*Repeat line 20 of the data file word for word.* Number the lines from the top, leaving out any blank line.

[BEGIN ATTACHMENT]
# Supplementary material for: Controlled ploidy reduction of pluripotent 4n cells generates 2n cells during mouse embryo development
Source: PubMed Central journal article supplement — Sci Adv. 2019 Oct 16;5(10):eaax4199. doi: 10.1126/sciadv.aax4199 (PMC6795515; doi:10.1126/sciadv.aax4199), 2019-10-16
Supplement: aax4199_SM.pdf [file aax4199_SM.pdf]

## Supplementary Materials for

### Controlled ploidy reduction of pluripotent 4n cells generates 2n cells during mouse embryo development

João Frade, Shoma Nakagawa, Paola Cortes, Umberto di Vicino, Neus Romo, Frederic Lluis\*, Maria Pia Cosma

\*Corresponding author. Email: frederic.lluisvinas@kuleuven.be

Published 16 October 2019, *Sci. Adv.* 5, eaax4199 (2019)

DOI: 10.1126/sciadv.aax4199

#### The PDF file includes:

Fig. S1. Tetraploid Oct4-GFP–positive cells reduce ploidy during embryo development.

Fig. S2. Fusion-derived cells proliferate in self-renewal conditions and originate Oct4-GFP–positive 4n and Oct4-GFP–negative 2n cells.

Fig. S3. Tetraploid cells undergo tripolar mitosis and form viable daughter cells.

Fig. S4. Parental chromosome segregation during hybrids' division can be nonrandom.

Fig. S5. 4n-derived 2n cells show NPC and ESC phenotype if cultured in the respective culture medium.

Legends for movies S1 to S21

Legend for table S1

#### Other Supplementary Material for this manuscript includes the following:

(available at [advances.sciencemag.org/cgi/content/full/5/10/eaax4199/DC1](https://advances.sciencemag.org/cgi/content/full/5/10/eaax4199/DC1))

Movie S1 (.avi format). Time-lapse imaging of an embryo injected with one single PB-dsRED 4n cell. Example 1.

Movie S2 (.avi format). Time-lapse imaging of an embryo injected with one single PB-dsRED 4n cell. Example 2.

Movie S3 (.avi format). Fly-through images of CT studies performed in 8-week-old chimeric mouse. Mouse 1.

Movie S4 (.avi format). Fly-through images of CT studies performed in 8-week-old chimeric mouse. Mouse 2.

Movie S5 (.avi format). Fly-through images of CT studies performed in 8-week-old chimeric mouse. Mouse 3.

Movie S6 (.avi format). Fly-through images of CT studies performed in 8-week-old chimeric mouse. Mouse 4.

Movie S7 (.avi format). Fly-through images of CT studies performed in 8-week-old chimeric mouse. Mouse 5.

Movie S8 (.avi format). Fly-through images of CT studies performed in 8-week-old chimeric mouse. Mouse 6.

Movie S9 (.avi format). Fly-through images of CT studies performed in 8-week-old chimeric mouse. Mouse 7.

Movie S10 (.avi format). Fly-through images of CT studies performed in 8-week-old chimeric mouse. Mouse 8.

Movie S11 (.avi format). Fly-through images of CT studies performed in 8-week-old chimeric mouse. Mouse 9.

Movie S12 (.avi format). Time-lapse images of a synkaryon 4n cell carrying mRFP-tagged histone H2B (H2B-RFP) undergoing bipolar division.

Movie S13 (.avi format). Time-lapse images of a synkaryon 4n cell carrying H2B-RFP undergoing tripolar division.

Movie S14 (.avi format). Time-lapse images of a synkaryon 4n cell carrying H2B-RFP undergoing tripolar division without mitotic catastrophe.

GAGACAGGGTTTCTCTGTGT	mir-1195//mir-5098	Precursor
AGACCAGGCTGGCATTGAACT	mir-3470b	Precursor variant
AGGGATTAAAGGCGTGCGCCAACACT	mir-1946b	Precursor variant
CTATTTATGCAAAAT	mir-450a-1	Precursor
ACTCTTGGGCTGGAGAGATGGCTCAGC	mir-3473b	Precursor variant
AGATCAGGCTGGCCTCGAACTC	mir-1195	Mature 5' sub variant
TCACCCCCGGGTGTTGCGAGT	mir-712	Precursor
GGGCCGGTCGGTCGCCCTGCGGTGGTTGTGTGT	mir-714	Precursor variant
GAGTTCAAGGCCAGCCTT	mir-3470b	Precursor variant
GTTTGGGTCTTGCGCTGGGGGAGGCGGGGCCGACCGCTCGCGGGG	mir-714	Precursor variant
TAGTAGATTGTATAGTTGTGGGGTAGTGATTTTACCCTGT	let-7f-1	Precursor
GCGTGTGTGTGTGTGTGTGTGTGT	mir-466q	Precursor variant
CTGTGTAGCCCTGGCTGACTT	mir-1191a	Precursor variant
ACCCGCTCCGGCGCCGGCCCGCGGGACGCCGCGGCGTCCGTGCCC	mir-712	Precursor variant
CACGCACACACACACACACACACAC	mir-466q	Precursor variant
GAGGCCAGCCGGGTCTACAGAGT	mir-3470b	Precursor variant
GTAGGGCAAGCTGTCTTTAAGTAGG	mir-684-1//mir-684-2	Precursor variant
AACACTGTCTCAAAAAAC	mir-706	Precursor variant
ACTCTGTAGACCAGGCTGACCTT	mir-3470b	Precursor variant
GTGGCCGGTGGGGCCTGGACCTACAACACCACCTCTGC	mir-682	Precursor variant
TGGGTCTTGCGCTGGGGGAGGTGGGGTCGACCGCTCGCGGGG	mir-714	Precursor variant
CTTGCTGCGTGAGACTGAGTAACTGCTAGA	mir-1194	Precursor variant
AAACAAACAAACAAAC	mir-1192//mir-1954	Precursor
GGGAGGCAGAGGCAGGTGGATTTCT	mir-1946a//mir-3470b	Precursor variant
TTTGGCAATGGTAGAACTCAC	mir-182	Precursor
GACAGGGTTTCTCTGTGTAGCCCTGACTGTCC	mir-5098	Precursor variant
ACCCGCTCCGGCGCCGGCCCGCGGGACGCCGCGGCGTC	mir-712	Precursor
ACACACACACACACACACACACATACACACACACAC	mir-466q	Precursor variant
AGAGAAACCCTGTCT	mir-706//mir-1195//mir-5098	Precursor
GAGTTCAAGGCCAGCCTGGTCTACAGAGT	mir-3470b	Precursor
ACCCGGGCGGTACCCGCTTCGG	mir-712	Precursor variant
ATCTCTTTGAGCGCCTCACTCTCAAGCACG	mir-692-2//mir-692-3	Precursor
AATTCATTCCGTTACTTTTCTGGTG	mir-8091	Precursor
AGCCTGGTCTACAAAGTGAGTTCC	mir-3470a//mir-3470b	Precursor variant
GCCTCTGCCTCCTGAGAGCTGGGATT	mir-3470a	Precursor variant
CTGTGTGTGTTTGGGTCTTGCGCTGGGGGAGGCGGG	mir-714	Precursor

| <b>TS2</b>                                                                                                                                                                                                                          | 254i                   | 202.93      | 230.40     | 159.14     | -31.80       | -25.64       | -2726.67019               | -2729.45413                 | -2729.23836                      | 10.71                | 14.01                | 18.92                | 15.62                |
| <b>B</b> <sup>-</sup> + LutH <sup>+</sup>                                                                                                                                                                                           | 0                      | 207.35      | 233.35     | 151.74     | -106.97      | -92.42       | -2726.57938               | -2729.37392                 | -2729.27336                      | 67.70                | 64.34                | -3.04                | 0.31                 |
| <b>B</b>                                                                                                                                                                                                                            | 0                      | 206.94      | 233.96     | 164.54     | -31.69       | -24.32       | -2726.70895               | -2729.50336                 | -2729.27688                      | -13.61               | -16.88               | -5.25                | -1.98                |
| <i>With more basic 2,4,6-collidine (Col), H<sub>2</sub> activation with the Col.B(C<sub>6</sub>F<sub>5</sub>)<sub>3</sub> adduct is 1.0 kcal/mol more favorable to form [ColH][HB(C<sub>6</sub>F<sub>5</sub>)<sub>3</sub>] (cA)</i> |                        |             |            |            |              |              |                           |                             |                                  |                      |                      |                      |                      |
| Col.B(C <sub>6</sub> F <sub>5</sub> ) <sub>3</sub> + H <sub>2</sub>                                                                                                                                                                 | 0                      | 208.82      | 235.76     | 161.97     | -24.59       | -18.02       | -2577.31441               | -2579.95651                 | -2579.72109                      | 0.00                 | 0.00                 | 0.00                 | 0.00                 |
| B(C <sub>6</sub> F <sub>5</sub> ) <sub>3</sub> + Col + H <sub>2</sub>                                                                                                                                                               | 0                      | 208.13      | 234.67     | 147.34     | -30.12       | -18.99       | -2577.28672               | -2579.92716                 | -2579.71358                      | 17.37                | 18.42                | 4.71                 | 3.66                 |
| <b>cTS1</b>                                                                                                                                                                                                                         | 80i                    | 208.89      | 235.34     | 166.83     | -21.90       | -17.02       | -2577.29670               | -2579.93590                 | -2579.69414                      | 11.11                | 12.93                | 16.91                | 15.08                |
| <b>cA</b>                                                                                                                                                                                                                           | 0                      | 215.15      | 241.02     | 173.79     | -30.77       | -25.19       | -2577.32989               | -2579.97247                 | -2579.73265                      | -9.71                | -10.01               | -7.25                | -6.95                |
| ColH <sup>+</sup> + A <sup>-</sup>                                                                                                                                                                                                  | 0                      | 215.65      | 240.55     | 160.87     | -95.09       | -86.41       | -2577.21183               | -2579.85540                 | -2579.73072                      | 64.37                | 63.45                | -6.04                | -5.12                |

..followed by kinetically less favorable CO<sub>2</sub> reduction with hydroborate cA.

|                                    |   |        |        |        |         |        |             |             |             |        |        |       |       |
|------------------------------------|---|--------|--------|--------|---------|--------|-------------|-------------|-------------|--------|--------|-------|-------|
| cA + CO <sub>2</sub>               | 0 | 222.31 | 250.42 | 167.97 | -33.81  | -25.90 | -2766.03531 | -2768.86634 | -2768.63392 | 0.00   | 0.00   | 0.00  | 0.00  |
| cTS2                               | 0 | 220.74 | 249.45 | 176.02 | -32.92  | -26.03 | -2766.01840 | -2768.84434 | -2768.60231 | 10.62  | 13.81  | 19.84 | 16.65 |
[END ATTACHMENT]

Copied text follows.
Movie S1 (.avi format). Time-lapse imaging of an embryo injected with one single PB-dsRED 4n cell. Example 1.